* Job fraud victims have not found good avenues of support as they search for information and help. They often do not know who to call, because they do not fall into the category of pure identity theft victims and they are often not sure of what has happened to them until after the fact. Sometimes, a victim’s first indication of a problem is that they are arrested after they have applied to a job, only later to find out was a fake. Much more needs to be done specifically for victims of job fraud.

C. Recommendations

* Job seekers need a mechanism that will allow them to gauge the trustworthiness and effectiveness of a job site’s protection against bad job ads. Currently, this does not exist. There is almost no transparency for consumers trying to make this kind of judgment.

* Job sites need to begin to work together to create workable and creative solutions to combat job fraud on a macro scale. Job sites working alone will be at a disadvantage, because the con artists have a pronounced pattern of working on multiple sites at once using different job ad names.

* The entire job distribution infrastructure needs to be involved in a solution to the job fraud problem. Just cleaning up job sites is not an effective strategy. Job distributors and their suppliers will need to be in the conversation for there to be any real and substantive change.

* Consumers must now be the focus of national education campaigns by job sites large and small, consumer groups, banks, and companies such as Western Union, PayPal and eBay. Now that victims are being charged with crimes, this is no longer optional.

* Many mid size to small job sites do not have the resources to effectively combat slick job fraud rings. This is a long-term issue that can be addressed at least in part by not allowing automated job postings to go up prior to the jobs being reviewed by a person.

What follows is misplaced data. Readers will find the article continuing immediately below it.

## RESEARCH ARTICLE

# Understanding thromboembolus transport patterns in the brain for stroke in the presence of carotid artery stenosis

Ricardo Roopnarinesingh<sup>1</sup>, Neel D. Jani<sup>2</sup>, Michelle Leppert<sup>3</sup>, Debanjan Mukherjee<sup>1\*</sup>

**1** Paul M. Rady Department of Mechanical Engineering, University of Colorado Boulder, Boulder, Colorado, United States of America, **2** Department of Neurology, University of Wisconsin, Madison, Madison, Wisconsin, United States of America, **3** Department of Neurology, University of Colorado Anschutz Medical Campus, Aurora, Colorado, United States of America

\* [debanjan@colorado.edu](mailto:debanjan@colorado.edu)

* The goal is to never post any job scams. But given that some bad jobs will likely slip through, a fair fall-back position is to never repost a known fraudulent job. It should be an industry standard that this should never happen at any site.

* Banks must educate personnel about job fraud and how it victimizes people. Instead of turning victims asking questions over to law enforcement, victims should be given useful, accurate information about job fraud and scams before they take any actions that would hurt themselves or others.

* Job fraud schemes are dense and are nearly impossible for victims to figure out in enough time. Simple, easy to remember, and effective tips that get at the heart of preventing consumer harm need to be agreed upon by the job search industry and consumer groups, and all parties need to work hard to get this message out to all job seekers or potential future job seekers.

* If RSS — a technology that aggregates Web site content and allows people to read it offline — continues to grow in popularity, job sites will need to think about their RSS delivery and address the fact that job seekers still need to see the job fraud information they would ordinarily see on the Web site. This can be managed fairly easily. For example, CareerBuilder puts job fraud consumer protection tips on every job ad. Their RSS job feeds deliver only headlines and minimal information, so job seekers need to go to the site to see the rest of the job. This is positive, because the job seeker will also have access to the fraud prevention tips. Having consumer protection tips on every job ad is a good idea anyhow, but it will be even more important in the RSS environment where job seekers may not have seen much contextual site material about job fraud.






[1] EQuest Press Release “eQuest Surpasses 24 Million Job Posting Transactions in 2002.” <>. July 7, 2004.

[2] For example, in February-March 2003, sent out emails to its user base warning of fraudulent job postings. It and other sites added new or strengthened job fraud warnings to their sites at that time. See Associated Press “ warns jobseekers of ID Theft,” Adam Geller, February 27, 2003 documenting these events.



Roadmap: A Year in the Life of an Online Job Scam – A Longitudinal Study: I. Introduction